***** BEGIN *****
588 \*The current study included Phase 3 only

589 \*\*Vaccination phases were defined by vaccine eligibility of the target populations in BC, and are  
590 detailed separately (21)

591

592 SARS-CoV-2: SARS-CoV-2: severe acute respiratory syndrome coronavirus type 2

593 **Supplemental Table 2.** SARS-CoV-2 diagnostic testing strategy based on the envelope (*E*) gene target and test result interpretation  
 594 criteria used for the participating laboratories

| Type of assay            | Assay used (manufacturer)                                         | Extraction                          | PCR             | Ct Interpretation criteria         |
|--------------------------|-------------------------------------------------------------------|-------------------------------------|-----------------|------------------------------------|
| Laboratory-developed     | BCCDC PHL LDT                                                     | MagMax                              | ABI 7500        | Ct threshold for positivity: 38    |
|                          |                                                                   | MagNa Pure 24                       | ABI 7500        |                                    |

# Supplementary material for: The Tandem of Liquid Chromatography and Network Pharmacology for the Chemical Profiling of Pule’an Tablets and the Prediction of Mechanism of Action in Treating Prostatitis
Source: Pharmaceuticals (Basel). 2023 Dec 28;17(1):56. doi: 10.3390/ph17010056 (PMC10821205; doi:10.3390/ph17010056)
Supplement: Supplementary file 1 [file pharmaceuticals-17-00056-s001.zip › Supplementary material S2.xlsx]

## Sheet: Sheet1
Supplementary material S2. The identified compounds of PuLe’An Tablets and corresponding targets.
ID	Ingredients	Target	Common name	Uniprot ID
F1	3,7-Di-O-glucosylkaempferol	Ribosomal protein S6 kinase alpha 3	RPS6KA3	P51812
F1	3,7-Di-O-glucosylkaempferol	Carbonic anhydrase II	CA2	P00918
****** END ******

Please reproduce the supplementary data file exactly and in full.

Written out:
588 \*The current study included Phase 3 only

589 \*\*Vaccination phases were defined by vaccine eligibility of the target populations in BC, and are  
590 detailed separately (21)

591

592 SARS-CoV-2: SARS-CoV-2: severe acute respiratory syndrome coronavirus type 2

593 **Supplemental Table 2.** SARS-CoV-2 diagnostic testing strategy based on the envelope (*E*) gene target and test result interpretation  
 594 criteria used for the participating laboratories

| Type of assay            | Assay used (manufacturer)                                         | Extraction                          | PCR             | Ct Interpretation criteria         |
|--------------------------|-------------------------------------------------------------------|-------------------------------------|-----------------|------------------------------------|
| Laboratory-developed     | BCCDC PHL LDT                                                     | MagMax                              | ABI 7500        | Ct threshold for positivity: 38    |
|                          |                                                                   | MagNa Pure 24                       | ABI 7500        |                                    |

# Supplementary material for: The Tandem of Liquid Chromatography and Network Pharmacology for the Chemical Profiling of Pule’an Tablets and the Prediction of Mechanism of Action in Treating Prostatitis
Source: Pharmaceuticals (Basel). 2023 Dec 28;17(1):56. doi: 10.3390/ph17010056 (PMC10821205; doi:10.3390/ph17010056)
Supplement: Supplementary file 1 [file pharmaceuticals-17-00056-s001.zip › Supplementary material S2.xlsx]

## Sheet: Sheet1
Supplementary material S2. The identified compounds of PuLe’An Tablets and corresponding targets.
ID	Ingredients	Target	Common name	Uniprot ID
F1	3,7-Di-O-glucosylkaempferol	Ribosomal protein S6 kinase alpha 3	RPS6KA3	P51812
F1	3,7-Di-O-glucosylkaempferol	Carbonic anhydrase II	CA2	P00918